Thursday, August 9, 2012

Reading with Text-to-Speech

Image of word highlighting feature for text-to-speech
For students with reading disabilities, completing reading assignments for class can be time consuming and frustrating. There is software that can help students not only keep up on reading assignments but also have a better idea what they have read. One of the most helpful features offered by many of these software programs is called text-to-speech (TTS). The ability to hear text read out loud is the important component in TTS that aids a student in reading speed and comprehension. Most software products that offer TTS also provide a feature that highlights the word being read out loud so that students can follow along and will associate the word on the computer screen with what they hear. This gives students a better understanding of what the word is and how that word should sound when they read it without the assistance of the software. Reading webpages and electronic documents is easily accomplished using TTS but many reading assignments come from books or printed handouts. Some software programs include the option to scan and convert hardcopy pages into a variety of electronic text formats including word documents, and then using TTS, these pages can be read out loud. Several software programs also have the ability to convert any electronic text to an audio file that could then be listened to on a digital music or mp3 player, which is a useful aid for keeping up with many reading assignments. When looking at the various products available with TTS and other reading, writing, and spelling aids, it is important to think about what features and supports the student needs. The software interface can range from simple, fewer-featured toolbars, such as WordQ, TextHelp Read & Write, or ClaroRead, that work with existing software such as Microsoft Office and internet browsers. More inclusive programs, such as WYNN or Kurzweil 3000, have their own word processors, study aids, and web browsers built into the user interface. If a student doesn’t need a fully featured all-in-one program, you can save time and money by investing in a simpler program with just those features that meet the specific needs of your student. But for students who would benefit from study aids and many of the other features discussed above it is often easier to go with a full featured program instead of trying to use multiple simpler programs in conjunction with one another. As always our AT Specialists are available to work with and explore the specific needs of students and their support team when determining what options might work best. These products and many others are available for short term loan through WATAP's Device Lending Library to help individuals make an informed decision about what products will work best for them.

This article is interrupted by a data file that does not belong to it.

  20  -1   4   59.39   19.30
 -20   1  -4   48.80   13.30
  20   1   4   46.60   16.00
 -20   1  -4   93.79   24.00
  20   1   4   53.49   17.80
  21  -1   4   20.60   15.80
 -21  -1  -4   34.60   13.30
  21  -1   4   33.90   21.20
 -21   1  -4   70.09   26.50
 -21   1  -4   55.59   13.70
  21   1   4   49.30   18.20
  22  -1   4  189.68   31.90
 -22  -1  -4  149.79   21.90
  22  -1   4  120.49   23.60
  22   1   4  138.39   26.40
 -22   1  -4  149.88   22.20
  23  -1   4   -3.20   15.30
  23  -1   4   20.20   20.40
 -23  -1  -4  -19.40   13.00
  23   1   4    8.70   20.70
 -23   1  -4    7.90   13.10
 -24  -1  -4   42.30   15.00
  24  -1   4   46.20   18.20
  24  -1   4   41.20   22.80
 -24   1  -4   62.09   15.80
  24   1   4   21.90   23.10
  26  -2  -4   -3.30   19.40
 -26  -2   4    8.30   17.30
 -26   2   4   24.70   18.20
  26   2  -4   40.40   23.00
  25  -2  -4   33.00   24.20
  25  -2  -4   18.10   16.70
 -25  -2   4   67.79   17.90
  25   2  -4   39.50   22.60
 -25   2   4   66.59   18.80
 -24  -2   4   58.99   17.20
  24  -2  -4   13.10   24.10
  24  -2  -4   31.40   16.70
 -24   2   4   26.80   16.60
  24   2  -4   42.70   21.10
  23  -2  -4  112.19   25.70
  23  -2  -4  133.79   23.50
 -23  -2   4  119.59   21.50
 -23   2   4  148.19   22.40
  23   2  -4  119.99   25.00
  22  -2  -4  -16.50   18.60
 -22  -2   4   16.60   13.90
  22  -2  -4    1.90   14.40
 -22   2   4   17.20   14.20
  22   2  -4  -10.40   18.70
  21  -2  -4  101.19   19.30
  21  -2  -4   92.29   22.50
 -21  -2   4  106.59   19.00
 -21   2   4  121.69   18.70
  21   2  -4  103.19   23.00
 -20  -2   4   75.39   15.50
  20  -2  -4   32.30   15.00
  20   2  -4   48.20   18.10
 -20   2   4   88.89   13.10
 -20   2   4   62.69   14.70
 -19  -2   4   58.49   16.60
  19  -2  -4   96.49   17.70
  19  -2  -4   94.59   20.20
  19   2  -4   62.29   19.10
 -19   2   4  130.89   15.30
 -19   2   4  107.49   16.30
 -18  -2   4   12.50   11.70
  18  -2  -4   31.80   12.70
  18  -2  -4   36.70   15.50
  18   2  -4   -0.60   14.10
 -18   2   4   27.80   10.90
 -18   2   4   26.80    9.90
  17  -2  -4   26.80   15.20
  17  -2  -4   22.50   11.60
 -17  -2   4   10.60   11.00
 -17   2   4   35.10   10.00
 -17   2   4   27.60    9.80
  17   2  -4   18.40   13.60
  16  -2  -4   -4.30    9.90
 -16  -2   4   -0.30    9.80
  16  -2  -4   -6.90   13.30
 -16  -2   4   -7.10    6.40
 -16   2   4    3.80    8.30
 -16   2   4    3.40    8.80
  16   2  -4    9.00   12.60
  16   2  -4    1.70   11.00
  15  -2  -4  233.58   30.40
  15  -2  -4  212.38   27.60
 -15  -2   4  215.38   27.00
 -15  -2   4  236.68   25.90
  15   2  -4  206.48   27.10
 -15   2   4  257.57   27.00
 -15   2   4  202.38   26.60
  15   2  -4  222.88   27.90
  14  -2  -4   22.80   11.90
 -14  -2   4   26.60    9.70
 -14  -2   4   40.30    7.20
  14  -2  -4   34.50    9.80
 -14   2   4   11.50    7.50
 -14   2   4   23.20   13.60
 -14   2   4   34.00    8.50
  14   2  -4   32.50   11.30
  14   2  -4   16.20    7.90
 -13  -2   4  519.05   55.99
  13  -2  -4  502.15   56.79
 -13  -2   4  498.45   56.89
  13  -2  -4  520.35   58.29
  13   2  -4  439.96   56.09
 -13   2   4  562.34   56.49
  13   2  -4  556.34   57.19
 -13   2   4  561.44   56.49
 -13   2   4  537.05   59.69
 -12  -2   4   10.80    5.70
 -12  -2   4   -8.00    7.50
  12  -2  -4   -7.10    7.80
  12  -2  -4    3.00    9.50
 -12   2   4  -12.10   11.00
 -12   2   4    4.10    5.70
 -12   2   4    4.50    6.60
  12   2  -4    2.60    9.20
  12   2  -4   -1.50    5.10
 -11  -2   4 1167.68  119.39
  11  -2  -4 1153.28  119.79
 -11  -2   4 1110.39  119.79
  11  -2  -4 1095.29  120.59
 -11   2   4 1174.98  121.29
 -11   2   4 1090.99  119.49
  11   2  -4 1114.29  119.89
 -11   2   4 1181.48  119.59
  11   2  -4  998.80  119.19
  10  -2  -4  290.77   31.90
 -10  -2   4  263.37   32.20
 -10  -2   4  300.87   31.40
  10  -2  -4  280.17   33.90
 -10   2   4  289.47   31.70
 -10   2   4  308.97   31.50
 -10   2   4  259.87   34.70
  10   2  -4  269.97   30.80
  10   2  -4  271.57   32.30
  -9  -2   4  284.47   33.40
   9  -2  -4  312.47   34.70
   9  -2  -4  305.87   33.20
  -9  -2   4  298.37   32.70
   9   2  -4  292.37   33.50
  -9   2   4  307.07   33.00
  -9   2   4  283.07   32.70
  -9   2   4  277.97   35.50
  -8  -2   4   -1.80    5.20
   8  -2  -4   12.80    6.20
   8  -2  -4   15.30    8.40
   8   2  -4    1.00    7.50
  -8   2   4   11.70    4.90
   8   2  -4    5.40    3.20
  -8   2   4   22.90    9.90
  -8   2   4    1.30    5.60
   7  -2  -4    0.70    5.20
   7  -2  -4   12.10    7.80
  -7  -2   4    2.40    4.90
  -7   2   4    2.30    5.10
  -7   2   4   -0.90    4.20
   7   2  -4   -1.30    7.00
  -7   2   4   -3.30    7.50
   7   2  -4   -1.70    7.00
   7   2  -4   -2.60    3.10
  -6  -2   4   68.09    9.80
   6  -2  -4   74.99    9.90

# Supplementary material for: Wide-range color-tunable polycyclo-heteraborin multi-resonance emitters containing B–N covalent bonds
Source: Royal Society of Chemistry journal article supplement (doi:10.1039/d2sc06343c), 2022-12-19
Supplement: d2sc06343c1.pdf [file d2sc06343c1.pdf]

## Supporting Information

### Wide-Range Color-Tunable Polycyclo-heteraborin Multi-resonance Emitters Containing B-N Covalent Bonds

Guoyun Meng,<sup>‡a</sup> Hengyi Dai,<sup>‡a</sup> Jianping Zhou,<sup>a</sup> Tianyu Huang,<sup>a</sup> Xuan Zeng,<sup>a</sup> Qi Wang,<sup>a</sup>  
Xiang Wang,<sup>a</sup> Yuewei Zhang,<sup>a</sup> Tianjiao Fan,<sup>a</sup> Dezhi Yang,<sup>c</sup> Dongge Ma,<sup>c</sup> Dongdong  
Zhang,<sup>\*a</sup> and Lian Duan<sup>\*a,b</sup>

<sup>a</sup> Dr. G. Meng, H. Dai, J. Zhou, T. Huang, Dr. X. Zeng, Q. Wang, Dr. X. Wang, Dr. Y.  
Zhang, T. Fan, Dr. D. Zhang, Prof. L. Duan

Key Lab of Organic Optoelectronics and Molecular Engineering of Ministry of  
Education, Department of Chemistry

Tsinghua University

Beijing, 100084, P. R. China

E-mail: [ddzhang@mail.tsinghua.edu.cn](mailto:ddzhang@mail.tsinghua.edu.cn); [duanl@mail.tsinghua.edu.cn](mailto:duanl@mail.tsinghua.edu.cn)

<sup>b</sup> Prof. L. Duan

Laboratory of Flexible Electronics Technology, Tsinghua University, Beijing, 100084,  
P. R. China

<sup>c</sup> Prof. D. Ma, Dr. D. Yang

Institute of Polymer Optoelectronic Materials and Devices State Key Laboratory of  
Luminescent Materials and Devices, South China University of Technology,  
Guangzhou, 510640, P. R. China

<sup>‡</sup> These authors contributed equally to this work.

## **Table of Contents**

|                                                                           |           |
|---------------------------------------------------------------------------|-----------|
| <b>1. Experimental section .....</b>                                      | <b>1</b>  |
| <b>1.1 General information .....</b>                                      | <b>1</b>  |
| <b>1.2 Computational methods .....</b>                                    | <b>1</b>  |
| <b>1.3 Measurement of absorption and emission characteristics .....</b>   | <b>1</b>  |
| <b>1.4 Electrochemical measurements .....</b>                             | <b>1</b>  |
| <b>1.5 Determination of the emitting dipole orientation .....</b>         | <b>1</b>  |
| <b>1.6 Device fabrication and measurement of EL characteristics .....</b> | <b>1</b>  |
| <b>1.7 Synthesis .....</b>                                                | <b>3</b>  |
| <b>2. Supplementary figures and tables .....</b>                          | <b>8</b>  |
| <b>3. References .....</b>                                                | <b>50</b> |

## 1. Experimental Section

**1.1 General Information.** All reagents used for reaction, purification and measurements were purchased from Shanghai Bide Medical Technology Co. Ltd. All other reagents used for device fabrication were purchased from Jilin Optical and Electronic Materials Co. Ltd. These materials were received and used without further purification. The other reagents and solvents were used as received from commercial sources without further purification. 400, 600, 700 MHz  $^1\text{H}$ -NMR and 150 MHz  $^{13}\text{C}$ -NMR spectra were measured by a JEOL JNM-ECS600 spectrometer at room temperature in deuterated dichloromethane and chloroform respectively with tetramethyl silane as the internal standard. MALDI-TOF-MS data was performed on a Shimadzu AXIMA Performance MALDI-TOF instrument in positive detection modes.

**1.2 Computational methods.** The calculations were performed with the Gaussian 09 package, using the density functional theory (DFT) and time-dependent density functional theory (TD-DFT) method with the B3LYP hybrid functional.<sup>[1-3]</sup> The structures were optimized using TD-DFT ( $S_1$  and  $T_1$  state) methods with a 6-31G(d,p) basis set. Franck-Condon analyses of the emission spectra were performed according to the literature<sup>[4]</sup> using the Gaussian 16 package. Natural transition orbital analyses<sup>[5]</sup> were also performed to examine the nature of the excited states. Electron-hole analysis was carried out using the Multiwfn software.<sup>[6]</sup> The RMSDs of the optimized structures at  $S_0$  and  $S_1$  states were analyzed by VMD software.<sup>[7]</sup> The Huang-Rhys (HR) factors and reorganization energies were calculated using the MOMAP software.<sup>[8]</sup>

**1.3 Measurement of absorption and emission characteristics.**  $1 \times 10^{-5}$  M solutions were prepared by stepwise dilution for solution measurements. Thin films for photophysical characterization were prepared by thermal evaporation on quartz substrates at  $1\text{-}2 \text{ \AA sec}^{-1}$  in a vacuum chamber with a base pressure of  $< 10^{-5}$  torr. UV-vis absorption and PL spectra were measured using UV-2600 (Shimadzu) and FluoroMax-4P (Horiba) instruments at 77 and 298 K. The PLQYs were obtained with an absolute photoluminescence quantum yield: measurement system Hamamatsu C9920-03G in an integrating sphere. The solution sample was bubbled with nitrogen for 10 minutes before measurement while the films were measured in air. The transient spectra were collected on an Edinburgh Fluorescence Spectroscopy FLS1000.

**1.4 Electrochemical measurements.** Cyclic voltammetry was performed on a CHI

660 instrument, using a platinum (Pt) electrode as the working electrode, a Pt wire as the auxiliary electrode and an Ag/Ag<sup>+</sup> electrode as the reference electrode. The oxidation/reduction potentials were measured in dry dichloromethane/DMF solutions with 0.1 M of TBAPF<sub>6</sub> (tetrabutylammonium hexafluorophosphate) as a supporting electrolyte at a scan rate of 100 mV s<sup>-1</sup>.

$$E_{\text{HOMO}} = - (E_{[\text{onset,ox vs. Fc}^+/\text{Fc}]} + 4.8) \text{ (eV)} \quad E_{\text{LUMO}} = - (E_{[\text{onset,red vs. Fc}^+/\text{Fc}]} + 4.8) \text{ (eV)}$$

This is the first in a series of blogs our Director has composed to help people increase their reading and writing efficiency. 

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